These items are typically called the data model of the list. An adapter can receive data as input.

1.4. Adapters

An adapter manages the data model and adapts it to the individual entries in the widget. An adapter extends the BaseAdapter class.

Every line in the widget displaying the data consists of a layout which can be as complex as you want. A typical line in a list has an image on the left side and two text lines in the middle as depicted in the following graphic.

Listview example layout

A layout file for a such a line might look like the following.

<RelativeLayout xmlns:android="http://schemas.android.com/apk/res/android"
    android:layout_width="fill_parent"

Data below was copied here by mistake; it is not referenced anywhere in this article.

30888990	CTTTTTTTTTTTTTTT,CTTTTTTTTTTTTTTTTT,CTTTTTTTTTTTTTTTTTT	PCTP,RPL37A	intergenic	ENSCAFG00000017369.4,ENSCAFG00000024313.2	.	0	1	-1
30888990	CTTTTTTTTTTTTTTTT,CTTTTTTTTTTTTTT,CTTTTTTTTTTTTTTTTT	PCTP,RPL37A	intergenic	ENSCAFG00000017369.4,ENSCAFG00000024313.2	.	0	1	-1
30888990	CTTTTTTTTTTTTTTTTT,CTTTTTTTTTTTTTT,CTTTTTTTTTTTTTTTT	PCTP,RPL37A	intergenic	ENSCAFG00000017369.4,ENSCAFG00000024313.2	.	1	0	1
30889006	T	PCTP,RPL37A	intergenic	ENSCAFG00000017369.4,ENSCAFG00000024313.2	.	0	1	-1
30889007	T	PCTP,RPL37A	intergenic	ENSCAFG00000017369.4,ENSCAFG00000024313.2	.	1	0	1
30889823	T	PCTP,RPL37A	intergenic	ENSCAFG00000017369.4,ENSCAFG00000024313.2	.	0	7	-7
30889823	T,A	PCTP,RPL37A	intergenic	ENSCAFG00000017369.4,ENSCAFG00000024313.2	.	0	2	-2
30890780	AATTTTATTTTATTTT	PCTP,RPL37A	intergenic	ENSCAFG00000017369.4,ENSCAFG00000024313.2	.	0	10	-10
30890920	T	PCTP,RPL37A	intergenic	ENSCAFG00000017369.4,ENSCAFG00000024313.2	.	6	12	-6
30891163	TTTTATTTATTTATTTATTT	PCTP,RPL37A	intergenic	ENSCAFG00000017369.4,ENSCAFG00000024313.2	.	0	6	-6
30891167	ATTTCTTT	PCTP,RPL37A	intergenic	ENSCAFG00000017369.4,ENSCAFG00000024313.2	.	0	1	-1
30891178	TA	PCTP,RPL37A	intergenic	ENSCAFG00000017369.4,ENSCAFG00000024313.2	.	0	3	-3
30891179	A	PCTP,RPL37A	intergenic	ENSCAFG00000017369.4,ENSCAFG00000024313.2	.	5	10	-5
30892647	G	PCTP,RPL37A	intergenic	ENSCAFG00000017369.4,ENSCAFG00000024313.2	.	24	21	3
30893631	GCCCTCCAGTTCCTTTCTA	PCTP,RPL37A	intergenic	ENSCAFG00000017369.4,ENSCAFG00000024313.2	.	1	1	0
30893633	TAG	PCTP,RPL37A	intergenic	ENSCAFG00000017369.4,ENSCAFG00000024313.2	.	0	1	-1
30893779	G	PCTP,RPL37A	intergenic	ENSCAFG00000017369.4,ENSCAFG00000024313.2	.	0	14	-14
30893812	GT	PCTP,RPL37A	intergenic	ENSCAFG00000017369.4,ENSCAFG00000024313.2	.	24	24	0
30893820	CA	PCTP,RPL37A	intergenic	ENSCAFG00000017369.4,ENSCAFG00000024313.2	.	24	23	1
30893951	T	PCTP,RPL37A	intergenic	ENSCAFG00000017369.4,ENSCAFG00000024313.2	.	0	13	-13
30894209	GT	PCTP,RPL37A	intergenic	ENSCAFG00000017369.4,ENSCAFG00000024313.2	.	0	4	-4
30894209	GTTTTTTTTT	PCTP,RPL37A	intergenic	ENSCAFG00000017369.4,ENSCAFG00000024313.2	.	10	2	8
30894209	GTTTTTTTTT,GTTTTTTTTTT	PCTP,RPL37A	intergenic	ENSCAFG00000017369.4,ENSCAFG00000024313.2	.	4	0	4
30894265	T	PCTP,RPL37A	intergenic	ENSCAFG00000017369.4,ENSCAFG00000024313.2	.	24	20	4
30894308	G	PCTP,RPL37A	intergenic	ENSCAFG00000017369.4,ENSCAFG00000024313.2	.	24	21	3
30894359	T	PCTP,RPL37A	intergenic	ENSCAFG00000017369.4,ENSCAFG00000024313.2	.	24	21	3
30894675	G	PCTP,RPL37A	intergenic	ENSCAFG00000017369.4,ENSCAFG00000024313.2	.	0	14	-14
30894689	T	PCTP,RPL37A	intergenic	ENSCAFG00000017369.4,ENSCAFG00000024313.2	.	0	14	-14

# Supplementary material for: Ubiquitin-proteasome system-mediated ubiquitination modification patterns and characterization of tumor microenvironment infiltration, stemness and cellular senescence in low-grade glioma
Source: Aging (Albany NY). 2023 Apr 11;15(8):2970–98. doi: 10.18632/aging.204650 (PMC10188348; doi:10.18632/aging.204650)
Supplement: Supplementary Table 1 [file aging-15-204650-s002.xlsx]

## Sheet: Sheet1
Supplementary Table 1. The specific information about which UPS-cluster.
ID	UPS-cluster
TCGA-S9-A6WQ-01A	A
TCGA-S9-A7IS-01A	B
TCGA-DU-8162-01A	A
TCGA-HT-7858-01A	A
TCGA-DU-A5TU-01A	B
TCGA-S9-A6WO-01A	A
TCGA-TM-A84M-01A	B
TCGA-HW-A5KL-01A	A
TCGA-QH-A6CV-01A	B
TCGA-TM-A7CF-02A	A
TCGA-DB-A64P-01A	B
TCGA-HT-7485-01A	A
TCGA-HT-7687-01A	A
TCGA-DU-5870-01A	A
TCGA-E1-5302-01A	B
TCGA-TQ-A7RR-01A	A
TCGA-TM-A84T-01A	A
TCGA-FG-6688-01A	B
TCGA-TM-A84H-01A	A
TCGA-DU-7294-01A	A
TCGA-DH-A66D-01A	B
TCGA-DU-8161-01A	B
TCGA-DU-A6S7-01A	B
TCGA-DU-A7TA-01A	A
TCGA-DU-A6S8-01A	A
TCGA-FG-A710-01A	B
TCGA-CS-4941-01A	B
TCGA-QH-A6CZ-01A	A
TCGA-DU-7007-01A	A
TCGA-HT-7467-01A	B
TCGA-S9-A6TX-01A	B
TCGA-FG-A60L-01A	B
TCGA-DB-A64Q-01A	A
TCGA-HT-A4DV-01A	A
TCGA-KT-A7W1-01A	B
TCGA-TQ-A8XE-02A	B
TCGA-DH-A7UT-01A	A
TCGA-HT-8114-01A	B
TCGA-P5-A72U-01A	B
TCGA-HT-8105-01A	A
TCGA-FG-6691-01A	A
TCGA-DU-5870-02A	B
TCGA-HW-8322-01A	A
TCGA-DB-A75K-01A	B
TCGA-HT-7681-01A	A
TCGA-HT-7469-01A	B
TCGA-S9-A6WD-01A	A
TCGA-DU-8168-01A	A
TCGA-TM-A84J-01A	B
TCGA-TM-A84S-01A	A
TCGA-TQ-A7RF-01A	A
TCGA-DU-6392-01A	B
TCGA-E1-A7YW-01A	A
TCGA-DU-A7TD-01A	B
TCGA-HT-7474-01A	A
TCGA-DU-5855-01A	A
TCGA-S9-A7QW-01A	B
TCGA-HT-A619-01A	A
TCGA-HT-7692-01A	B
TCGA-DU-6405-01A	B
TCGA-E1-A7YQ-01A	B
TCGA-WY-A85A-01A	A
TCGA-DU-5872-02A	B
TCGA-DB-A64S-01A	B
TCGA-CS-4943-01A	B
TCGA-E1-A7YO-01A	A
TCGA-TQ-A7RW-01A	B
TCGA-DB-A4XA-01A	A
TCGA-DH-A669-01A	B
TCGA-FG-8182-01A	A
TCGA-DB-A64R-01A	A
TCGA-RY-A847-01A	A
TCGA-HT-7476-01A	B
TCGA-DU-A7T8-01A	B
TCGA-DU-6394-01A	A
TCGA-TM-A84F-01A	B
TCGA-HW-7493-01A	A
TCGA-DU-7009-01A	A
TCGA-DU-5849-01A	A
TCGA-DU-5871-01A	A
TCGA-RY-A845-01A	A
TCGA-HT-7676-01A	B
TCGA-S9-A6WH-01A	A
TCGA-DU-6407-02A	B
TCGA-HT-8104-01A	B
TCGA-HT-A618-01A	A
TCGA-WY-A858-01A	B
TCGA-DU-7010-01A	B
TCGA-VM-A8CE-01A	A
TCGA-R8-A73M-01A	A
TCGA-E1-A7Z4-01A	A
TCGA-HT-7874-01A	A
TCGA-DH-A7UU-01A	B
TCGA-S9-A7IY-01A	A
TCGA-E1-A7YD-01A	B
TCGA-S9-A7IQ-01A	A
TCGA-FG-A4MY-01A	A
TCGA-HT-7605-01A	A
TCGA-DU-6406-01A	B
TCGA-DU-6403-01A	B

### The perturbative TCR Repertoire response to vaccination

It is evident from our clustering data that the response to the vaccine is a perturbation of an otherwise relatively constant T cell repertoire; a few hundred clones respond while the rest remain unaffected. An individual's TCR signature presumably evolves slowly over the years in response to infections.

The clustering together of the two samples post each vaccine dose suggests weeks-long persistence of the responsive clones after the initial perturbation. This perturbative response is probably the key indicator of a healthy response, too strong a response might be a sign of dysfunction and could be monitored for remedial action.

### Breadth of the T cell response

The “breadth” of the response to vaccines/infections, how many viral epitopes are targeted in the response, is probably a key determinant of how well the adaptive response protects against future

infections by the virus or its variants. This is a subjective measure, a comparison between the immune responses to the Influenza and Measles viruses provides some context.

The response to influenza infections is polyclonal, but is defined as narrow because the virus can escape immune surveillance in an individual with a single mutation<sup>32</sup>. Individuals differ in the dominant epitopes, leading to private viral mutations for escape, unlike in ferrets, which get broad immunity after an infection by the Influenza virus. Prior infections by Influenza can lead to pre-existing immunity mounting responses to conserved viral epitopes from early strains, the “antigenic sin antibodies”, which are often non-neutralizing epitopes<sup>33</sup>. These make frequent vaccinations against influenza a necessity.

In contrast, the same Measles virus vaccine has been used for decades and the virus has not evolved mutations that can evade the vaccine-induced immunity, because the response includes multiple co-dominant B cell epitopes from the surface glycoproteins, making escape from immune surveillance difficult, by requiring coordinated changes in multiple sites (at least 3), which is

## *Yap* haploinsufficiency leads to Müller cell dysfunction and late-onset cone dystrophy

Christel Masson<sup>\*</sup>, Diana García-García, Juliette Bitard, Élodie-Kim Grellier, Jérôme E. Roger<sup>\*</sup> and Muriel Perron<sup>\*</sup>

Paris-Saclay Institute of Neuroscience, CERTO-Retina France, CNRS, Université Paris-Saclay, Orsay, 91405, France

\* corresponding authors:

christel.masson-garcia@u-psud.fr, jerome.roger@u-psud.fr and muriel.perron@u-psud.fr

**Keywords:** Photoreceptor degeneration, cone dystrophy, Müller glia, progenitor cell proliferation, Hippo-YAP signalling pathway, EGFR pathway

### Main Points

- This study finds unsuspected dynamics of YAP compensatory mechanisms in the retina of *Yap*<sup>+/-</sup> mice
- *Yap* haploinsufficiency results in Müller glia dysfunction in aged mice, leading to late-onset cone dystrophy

android:layout_height="?android:attr/listPreferredItemHeight"
    android:padding="6dip" >

    <ImageView
        android:id="@+id/icon"
        android:layout_width="wrap_content"
        android:layout_height="fill_parent"
        android:layout_alignParentBottom="true"
        android:layout_alignParentTop="true"
        android:layout_marginRight="6dip"
        android:contentDescription="TODO"
        android:src="@drawable/ic_launcher" />

    <TextView
        android:id="@+id/secondLine"
        android:layout_width="fill_parent"
        android:layout_height="26dip"
        android:layout_alignParentBottom="true"
        android:layout_alignParentRight="true"
        android:layout_toRightOf="@id/icon"
        android:ellipsize="marquee"
        android:singleLine="true"
        android:text="Description"